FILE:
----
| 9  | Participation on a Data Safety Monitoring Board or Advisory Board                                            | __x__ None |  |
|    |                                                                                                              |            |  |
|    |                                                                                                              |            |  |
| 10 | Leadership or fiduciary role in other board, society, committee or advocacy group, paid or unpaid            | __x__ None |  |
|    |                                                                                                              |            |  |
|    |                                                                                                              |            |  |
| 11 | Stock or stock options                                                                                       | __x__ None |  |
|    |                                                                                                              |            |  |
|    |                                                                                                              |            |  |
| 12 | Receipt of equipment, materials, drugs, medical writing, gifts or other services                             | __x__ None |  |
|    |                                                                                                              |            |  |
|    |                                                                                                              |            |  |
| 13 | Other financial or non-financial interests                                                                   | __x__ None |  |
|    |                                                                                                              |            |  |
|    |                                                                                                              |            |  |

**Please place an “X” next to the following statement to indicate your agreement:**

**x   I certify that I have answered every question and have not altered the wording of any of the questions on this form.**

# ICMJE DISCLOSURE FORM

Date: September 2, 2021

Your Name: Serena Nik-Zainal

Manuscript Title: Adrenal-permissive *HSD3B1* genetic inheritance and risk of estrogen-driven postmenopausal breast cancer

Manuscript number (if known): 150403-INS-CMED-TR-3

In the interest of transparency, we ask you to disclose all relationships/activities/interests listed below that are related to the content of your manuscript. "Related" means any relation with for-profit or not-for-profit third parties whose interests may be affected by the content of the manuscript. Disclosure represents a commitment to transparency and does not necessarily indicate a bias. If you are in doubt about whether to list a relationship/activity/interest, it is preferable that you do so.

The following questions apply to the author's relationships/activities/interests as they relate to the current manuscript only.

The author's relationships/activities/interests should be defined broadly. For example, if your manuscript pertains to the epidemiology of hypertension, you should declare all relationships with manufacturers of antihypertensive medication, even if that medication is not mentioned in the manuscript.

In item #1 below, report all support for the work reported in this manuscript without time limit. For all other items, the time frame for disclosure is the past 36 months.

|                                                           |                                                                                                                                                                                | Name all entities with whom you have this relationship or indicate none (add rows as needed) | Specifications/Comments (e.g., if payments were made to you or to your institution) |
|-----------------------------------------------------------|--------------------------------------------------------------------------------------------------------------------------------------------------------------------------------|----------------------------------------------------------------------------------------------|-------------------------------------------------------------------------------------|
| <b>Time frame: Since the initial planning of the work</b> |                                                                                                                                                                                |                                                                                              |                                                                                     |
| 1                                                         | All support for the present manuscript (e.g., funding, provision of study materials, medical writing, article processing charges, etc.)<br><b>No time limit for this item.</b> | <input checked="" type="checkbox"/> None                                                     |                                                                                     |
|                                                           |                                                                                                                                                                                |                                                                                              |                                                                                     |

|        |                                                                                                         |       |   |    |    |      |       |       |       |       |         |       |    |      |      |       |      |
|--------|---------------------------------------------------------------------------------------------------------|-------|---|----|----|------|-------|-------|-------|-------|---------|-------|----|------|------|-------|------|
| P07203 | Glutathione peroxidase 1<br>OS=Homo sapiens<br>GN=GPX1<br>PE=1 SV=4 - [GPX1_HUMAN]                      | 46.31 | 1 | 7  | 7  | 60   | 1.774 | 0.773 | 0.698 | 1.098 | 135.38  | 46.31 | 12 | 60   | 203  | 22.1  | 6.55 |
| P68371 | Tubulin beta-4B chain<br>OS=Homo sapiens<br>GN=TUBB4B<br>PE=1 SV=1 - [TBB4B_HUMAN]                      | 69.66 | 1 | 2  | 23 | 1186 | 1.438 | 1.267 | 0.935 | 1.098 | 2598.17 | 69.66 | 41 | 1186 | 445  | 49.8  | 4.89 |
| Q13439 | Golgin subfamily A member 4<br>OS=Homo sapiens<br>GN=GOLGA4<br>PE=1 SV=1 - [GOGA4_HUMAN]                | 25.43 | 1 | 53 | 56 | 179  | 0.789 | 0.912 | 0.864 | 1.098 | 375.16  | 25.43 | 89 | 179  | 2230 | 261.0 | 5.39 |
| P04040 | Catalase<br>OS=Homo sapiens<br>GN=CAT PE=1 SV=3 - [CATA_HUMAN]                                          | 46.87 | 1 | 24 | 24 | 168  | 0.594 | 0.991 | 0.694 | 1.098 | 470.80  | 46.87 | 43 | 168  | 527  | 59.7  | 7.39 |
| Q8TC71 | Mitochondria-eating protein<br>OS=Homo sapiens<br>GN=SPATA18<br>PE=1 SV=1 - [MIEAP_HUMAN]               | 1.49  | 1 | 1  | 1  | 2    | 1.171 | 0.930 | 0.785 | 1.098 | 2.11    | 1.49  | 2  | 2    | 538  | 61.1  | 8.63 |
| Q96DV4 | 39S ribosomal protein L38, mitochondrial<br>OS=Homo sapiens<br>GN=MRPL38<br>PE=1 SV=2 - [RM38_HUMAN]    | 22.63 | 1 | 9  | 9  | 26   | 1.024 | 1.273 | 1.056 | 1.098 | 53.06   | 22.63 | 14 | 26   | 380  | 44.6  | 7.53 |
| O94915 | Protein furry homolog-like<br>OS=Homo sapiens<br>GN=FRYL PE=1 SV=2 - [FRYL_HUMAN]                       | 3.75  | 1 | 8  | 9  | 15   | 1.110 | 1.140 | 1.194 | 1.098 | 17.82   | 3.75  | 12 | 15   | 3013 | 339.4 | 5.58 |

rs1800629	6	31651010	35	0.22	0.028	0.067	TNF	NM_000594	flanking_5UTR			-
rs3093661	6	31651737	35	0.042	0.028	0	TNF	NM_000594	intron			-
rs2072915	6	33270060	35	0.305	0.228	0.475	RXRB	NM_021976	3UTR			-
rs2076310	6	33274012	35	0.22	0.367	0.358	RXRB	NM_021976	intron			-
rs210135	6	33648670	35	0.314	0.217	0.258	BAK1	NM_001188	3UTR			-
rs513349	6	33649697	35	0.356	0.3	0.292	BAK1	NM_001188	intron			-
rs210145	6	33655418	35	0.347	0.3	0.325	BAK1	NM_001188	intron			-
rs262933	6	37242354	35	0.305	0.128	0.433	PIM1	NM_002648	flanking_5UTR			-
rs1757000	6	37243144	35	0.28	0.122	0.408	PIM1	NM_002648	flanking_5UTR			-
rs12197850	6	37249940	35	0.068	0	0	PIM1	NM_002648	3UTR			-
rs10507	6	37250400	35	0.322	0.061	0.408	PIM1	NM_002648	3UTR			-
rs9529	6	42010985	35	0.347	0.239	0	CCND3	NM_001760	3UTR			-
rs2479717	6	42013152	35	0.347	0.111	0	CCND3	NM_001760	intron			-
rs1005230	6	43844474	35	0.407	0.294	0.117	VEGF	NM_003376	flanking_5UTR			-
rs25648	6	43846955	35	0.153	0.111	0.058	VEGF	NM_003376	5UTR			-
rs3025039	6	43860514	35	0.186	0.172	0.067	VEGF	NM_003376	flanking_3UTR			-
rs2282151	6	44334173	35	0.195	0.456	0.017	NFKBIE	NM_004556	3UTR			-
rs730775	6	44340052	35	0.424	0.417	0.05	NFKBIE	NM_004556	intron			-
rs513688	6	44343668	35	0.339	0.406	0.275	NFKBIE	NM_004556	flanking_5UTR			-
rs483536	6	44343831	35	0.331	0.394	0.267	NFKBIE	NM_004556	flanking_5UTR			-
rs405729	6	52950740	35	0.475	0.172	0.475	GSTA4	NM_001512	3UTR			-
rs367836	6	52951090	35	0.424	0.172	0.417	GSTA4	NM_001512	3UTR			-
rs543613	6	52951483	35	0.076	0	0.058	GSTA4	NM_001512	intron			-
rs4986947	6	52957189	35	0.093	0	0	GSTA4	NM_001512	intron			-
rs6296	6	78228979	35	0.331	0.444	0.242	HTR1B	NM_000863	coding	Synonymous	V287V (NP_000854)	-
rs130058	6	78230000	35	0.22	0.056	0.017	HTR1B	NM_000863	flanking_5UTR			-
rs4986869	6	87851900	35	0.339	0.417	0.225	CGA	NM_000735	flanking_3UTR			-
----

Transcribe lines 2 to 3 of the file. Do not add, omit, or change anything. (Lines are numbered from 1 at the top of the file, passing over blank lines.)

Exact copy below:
|    |                                                                                                              |            |  |
|    |                                                                                                              |            |  |